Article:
Jack's GP said he'd only seen FTD once before in his 20 some years of being a doctor. He explained it would need to be confirmed through a neuropsych eval and a neurologist exam. He also gave me great advice like that I should let his family know right away, see an elder care attorney and apply for SSDI. He said some people with FTD get angry and agitated but Jack might just stay easy going, he was living in the moment. He also told me that he may only have two years to live and suggested trying to show him the best time possible and live life to fullest possible.
I'm not sure the neurologist we saw had met anyone with FTD before. The first 15 minutes of the first visit he seemed like he didn't really see anything wrong with my husband. Then my husband went to the bathroom so I was able to tell him some of the most concerning behaviors. When Jack returned he paced the little room and answered a few more questions with answers that didn't make as much sense. I think the neurologist started seeing behavior I had been seeing. Later we changed to a neurologist at Virginia Mason who specializes in FTD.
We managed to get in for a neuropsych eval within a month due to a cancelation. My husband only lasted one of the two hours before telling him he was done. The neuropsychologist told me afterwards that in a short, casual conversation with Jack he wouldn't have guessed many issues but the test confirmed the major deficiencies and FTD.
I took his doctor's advice to live life to the fullest. Soon after diagnosis we made a trip to the coast and a couple months later flew across country to see his family. We also went to concerts and festivals in the spring and summer. I had worry and stress during trips and outings with my husband but I'm thankful we did those things while we could and it was worth it for the good moments. I know how fortunate I am that my husband stayed sweet and easy going, that we had an excellent doctor and supportive family and friends.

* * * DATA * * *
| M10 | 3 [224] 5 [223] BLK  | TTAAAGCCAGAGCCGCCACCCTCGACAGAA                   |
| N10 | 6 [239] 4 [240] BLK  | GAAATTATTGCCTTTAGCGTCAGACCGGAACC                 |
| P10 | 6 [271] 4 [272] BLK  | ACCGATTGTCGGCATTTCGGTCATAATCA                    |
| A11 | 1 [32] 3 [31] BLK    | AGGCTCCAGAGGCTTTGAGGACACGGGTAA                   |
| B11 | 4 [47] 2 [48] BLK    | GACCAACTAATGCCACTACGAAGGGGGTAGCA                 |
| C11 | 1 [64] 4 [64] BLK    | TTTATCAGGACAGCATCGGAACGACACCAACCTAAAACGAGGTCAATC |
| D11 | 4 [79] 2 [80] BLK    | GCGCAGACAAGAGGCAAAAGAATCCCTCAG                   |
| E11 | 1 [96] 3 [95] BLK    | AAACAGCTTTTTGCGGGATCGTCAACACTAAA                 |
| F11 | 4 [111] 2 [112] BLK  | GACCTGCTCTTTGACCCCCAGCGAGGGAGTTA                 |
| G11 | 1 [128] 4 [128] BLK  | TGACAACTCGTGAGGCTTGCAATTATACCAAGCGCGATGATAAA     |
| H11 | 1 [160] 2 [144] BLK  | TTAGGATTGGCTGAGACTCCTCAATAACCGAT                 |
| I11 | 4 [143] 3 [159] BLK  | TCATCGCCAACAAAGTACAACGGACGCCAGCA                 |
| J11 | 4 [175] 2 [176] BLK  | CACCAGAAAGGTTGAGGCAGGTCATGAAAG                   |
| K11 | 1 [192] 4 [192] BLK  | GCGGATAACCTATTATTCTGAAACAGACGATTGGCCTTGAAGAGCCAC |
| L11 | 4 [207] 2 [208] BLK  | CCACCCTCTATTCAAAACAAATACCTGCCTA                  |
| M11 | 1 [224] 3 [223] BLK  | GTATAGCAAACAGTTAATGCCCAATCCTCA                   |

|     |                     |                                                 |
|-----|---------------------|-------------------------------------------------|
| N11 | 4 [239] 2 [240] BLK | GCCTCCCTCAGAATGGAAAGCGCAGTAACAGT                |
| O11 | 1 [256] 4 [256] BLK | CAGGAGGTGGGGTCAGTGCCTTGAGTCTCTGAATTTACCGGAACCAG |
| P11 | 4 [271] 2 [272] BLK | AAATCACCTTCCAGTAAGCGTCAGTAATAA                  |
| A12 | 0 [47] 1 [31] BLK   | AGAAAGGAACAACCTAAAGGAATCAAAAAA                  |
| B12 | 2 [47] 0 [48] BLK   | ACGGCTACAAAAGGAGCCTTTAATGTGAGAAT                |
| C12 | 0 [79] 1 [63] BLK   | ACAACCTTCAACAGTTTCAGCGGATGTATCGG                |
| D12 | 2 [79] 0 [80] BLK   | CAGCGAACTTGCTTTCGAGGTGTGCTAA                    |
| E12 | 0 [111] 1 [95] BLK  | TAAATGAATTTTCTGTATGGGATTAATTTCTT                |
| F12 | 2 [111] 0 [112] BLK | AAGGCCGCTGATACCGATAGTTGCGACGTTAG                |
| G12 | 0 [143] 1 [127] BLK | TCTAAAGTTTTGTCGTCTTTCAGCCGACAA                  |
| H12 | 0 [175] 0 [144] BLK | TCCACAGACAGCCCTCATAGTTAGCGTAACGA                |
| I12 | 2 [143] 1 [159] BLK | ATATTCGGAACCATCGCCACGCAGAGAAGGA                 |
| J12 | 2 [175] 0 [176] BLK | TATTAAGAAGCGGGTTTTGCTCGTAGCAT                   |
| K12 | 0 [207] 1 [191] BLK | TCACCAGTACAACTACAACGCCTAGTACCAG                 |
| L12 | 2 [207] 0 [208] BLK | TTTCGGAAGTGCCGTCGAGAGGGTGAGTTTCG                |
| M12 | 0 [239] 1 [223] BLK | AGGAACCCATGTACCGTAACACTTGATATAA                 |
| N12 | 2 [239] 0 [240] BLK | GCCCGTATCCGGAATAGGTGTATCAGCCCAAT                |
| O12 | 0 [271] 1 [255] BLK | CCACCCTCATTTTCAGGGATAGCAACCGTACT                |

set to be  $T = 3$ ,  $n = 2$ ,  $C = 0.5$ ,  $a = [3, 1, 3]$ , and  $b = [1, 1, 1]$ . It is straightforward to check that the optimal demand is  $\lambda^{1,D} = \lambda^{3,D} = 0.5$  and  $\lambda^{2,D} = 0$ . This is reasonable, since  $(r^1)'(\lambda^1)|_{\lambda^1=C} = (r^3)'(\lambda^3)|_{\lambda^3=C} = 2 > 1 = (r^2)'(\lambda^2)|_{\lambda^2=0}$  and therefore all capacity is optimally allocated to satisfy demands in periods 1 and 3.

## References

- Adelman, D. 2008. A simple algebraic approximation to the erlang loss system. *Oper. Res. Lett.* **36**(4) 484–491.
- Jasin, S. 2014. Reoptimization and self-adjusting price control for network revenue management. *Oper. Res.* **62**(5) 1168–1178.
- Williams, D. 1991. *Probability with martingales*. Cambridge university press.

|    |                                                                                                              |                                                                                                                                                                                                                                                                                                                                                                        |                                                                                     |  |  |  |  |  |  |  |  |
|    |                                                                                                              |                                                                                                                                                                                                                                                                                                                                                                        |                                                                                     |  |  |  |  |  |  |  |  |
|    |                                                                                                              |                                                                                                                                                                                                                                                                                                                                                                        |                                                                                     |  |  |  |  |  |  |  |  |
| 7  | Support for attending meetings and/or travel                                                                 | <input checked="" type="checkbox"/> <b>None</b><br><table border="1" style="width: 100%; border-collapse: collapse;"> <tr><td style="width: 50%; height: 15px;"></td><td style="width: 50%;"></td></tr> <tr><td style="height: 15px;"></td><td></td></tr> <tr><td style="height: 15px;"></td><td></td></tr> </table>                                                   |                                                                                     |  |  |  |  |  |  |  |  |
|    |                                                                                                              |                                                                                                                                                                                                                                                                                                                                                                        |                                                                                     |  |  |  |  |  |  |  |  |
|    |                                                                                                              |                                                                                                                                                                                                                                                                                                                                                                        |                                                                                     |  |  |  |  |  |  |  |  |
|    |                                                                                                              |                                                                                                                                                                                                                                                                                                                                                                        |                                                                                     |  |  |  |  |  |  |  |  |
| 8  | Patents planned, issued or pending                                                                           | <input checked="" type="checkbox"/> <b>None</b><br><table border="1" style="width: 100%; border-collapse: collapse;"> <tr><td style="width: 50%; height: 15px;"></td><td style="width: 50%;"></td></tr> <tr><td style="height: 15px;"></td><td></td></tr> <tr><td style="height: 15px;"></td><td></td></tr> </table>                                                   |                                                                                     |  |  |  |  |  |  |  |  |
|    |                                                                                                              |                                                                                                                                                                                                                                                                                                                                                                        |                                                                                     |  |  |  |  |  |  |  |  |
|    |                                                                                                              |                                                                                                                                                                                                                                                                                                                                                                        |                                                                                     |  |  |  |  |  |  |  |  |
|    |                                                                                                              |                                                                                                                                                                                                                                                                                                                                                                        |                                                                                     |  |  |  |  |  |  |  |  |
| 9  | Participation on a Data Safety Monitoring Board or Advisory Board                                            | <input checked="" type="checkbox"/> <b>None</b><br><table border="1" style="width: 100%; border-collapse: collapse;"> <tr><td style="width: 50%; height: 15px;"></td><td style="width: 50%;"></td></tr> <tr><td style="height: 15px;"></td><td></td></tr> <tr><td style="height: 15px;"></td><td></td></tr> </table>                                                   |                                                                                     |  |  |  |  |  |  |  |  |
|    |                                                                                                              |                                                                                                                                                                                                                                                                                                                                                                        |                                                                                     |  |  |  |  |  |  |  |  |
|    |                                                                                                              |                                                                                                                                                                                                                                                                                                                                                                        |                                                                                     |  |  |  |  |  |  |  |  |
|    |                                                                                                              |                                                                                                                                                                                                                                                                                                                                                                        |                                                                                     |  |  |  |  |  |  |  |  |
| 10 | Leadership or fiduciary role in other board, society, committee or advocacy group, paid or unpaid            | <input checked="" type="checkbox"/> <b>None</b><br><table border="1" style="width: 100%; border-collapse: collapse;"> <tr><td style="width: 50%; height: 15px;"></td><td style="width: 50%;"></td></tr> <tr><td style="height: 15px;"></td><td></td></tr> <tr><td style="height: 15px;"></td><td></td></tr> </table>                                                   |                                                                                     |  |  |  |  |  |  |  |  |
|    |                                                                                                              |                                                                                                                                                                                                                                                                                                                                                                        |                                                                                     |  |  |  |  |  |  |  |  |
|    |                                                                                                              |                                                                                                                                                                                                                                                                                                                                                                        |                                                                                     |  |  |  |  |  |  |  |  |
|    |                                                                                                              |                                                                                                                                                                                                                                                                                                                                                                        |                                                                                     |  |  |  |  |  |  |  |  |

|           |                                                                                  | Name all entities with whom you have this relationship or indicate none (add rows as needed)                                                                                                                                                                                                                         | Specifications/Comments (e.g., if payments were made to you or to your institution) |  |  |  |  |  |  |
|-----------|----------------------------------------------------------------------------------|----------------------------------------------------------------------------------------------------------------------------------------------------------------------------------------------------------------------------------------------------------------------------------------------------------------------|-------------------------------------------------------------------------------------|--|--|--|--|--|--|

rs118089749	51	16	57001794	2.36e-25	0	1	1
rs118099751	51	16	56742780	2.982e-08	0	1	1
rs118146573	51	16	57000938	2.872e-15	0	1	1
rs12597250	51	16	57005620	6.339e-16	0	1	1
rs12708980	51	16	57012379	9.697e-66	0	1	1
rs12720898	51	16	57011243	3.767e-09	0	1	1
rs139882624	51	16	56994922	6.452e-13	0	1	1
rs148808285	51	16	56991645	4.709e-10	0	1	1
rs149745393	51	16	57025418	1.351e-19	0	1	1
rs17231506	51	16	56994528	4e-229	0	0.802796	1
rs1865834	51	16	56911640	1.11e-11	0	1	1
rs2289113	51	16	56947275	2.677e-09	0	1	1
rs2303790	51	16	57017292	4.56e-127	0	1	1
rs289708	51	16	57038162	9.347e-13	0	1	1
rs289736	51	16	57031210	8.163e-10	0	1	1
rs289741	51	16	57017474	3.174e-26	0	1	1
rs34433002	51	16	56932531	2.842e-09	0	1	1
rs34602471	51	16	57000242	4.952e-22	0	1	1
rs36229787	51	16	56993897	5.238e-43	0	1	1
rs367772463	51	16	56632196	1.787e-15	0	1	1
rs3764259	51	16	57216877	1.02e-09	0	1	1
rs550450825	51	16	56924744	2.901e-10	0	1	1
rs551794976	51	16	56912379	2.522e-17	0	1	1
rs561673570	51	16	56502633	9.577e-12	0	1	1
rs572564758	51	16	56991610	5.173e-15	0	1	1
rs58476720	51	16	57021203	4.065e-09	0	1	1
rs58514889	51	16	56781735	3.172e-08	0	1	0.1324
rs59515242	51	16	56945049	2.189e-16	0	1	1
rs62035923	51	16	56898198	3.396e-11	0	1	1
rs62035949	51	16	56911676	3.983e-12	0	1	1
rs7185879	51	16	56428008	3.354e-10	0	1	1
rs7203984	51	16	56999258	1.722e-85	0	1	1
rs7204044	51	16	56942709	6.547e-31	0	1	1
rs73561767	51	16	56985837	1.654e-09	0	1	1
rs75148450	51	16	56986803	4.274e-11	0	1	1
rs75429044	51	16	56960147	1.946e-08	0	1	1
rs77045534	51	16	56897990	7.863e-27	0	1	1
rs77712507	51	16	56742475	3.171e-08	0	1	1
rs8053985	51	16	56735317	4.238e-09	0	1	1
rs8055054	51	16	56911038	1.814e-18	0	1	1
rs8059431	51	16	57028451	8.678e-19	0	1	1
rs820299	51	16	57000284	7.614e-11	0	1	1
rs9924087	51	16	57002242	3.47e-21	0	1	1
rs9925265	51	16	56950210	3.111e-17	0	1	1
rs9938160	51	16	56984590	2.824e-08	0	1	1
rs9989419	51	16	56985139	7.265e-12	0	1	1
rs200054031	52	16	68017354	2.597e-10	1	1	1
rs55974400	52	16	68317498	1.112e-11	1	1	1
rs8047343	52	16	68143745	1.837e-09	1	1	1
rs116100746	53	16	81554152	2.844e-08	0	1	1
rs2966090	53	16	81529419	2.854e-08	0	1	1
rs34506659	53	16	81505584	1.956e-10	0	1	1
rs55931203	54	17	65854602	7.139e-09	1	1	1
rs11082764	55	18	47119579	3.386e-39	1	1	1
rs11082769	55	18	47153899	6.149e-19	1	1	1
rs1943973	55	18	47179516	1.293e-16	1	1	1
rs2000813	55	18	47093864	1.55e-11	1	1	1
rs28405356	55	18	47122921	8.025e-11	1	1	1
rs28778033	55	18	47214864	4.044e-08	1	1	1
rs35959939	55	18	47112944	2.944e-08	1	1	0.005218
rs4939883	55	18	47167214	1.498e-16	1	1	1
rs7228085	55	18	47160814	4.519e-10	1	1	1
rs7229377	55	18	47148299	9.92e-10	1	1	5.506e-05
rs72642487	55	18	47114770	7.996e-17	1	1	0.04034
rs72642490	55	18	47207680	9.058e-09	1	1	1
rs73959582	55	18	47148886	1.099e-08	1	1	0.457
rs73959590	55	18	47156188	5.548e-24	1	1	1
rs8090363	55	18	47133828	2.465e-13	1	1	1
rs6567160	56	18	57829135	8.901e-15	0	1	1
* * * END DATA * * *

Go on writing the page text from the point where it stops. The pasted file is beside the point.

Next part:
Thankfully in addition to helpful information on the AFTD website I also found the FTD spouse facebook group. There I learned how to deal with the new normal of my husband not wanting to brush his teeth, shave, shower, change clothes, the heartbreak when it was time for depends and the other sad stages that followed. It was from the amazing people in that group I learned his muscle twitches sounded like beginning signs of ALS so we went back to Virginia Mason for testing. In September 2016, my husband was diagnosed with ALS. I believe both illnesses were caused by his time in the Marines stationed at Camp Lejeune when the water was toxic. I also know Jack was so proud of his service and didn't regret the time he spent in the USMC.
On the evening of December 29, 2016, fifteen months after bvFTD diagnosis, I called 911 because he was having trouble breathing. I gave the EMTs his advance directive paperwork but asked that they take him to the hospital. When I arrived at ER I asked them to remove the intubation. I was able to lay down next to him and he slept peacefully for a couple hours. He even woke one last time and pulled me in for a kiss. He passed away about 15 minutes later. I always used to think ALS was the worst disease but now I agree with others who have said ALS actually saved their loved one from the devastating and heartbreaking end stages of FTD. I miss him so much. I'm forever grateful for all the years we had including the last 15 months after diagnosis.